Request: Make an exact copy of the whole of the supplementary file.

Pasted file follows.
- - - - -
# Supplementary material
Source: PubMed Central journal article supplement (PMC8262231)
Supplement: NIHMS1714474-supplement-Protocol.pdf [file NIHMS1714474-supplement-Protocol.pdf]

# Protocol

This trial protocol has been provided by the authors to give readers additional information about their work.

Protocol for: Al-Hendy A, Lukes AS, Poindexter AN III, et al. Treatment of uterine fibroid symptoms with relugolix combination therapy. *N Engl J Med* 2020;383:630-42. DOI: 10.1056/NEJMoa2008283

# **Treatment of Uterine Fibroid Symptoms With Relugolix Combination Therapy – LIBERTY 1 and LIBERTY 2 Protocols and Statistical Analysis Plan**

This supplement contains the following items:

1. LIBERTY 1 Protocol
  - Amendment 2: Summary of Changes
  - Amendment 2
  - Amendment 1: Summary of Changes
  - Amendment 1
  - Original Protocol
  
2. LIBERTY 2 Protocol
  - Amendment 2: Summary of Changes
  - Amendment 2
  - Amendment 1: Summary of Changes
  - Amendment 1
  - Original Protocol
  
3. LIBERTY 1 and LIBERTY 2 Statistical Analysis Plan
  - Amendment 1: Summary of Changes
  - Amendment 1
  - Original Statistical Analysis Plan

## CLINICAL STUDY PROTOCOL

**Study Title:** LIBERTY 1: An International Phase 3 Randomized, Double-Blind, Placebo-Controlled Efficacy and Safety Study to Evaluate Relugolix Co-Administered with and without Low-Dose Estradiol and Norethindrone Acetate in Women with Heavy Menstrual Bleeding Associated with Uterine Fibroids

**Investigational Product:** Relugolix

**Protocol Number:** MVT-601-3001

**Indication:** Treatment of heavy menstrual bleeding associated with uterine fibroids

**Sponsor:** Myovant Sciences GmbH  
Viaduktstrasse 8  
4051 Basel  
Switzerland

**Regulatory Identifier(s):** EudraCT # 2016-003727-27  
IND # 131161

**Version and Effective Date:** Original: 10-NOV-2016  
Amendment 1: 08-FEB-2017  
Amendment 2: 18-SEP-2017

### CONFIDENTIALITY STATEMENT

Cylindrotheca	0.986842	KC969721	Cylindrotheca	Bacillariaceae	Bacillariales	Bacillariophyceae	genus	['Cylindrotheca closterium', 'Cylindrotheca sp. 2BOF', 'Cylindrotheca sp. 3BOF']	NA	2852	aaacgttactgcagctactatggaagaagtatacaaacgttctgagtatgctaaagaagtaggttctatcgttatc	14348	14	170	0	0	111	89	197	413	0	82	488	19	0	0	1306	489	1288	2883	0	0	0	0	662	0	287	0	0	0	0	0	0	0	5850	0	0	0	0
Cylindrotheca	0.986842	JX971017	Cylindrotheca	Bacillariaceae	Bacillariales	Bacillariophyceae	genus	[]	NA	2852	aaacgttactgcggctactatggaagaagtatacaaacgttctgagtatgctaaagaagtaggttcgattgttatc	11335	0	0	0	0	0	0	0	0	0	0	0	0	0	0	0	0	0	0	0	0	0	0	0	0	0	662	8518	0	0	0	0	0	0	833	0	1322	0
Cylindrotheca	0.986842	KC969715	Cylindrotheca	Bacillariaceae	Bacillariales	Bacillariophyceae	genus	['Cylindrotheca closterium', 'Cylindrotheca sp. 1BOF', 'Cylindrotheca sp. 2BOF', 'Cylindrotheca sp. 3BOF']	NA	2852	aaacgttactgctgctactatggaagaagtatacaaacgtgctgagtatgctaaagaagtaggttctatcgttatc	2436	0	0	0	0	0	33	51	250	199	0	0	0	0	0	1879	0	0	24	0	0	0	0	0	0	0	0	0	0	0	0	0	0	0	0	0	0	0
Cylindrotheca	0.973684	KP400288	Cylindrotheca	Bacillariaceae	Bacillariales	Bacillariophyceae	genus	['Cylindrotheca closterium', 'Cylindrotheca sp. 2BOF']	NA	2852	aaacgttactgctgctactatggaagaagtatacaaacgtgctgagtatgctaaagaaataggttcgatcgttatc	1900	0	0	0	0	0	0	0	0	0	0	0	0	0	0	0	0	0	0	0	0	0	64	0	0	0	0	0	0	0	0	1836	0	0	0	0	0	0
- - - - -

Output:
# Supplementary material
Source: PubMed Central journal article supplement (PMC8262231)
Supplement: NIHMS1714474-supplement-Protocol.pdf [file NIHMS1714474-supplement-Protocol.pdf]

# Protocol

This trial protocol has been provided by the authors to give readers additional information about their work.

Protocol for: Al-Hendy A, Lukes AS, Poindexter AN III, et al. Treatment of uterine fibroid symptoms with relugolix combination therapy. *N Engl J Med* 2020;383:630-42. DOI: 10.1056/NEJMoa2008283

# **Treatment of Uterine Fibroid Symptoms With Relugolix Combination Therapy – LIBERTY 1 and LIBERTY 2 Protocols and Statistical Analysis Plan**

This supplement contains the following items:

1. LIBERTY 1 Protocol
  - Amendment 2: Summary of Changes
  - Amendment 2
  - Amendment 1: Summary of Changes
  - Amendment 1
  - Original Protocol
  
2. LIBERTY 2 Protocol
  - Amendment 2: Summary of Changes
  - Amendment 2
  - Amendment 1: Summary of Changes
  - Amendment 1
  - Original Protocol
  
3. LIBERTY 1 and LIBERTY 2 Statistical Analysis Plan
  - Amendment 1: Summary of Changes
  - Amendment 1
  - Original Statistical Analysis Plan

## CLINICAL STUDY PROTOCOL

**Study Title:** LIBERTY 1: An International Phase 3 Randomized, Double-Blind, Placebo-Controlled Efficacy and Safety Study to Evaluate Relugolix Co-Administered with and without Low-Dose Estradiol and Norethindrone Acetate in Women with Heavy Menstrual Bleeding Associated with Uterine Fibroids

**Investigational Product:** Relugolix

**Protocol Number:** MVT-601-3001

**Indication:** Treatment of heavy menstrual bleeding associated with uterine fibroids

**Sponsor:** Myovant Sciences GmbH  
Viaduktstrasse 8  
4051 Basel  
Switzerland

**Regulatory Identifier(s):** EudraCT # 2016-003727-27  
IND # 131161

**Version and Effective Date:** Original: 10-NOV-2016  
Amendment 1: 08-FEB-2017  
Amendment 2: 18-SEP-2017

### CONFIDENTIALITY STATEMENT

Cylindrotheca	0.986842	KC969721	Cylindrotheca	Bacillariaceae	Bacillariales	Bacillariophyceae	genus	['Cylindrotheca closterium', 'Cylindrotheca sp. 2BOF', 'Cylindrotheca sp. 3BOF']	NA	2852	aaacgttactgcagctactatggaagaagtatacaaacgttctgagtatgctaaagaagtaggttctatcgttatc	14348	14	170	0	0	111	89	197	413	0	82	488	19	0	0	1306	489	1288	2883	0	0	0	0	662	0	287	0	0	0	0	0	0	0	5850	0	0	0	0
Cylindrotheca	0.986842	JX971017	Cylindrotheca	Bacillariaceae	Bacillariales	Bacillariophyceae	genus	[]	NA	2852	aaacgttactgcggctactatggaagaagtatacaaacgttctgagtatgctaaagaagtaggttcgattgttatc	11335	0	0	0	0	0	0	0	0	0	0	0	0	0	0	0	0	0	0	0	0	0	0	0	0	0	662	8518	0	0	0	0	0	0	833	0	1322	0
Cylindrotheca	0.986842	KC969715	Cylindrotheca	Bacillariaceae	Bacillariales	Bacillariophyceae	genus	['Cylindrotheca closterium', 'Cylindrotheca sp. 1BOF', 'Cylindrotheca sp. 2BOF', 'Cylindrotheca sp. 3BOF']	NA	2852	aaacgttactgctgctactatggaagaagtatacaaacgtgctgagtatgctaaagaagtaggttctatcgttatc	2436	0	0	0	0	0	33	51	250	199	0	0	0	0	0	1879	0	0	24	0	0	0	0	0	0	0	0	0	0	0	0	0	0	0	0	0	0	0
Cylindrotheca	0.973684	KP400288	Cylindrotheca	Bacillariaceae	Bacillariales	Bacillariophyceae	genus	['Cylindrotheca closterium', 'Cylindrotheca sp. 2BOF']	NA	2852	aaacgttactgctgctactatggaagaagtatacaaacgtgctgagtatgctaaagaaataggttcgatcgttatc	1900	0	0	0	0	0	0	0	0	0	0	0	0	0	0	0	0	0	0	0	0	0	64	0	0	0	0	0	0	0	0	1836	0	0	0	0	0	0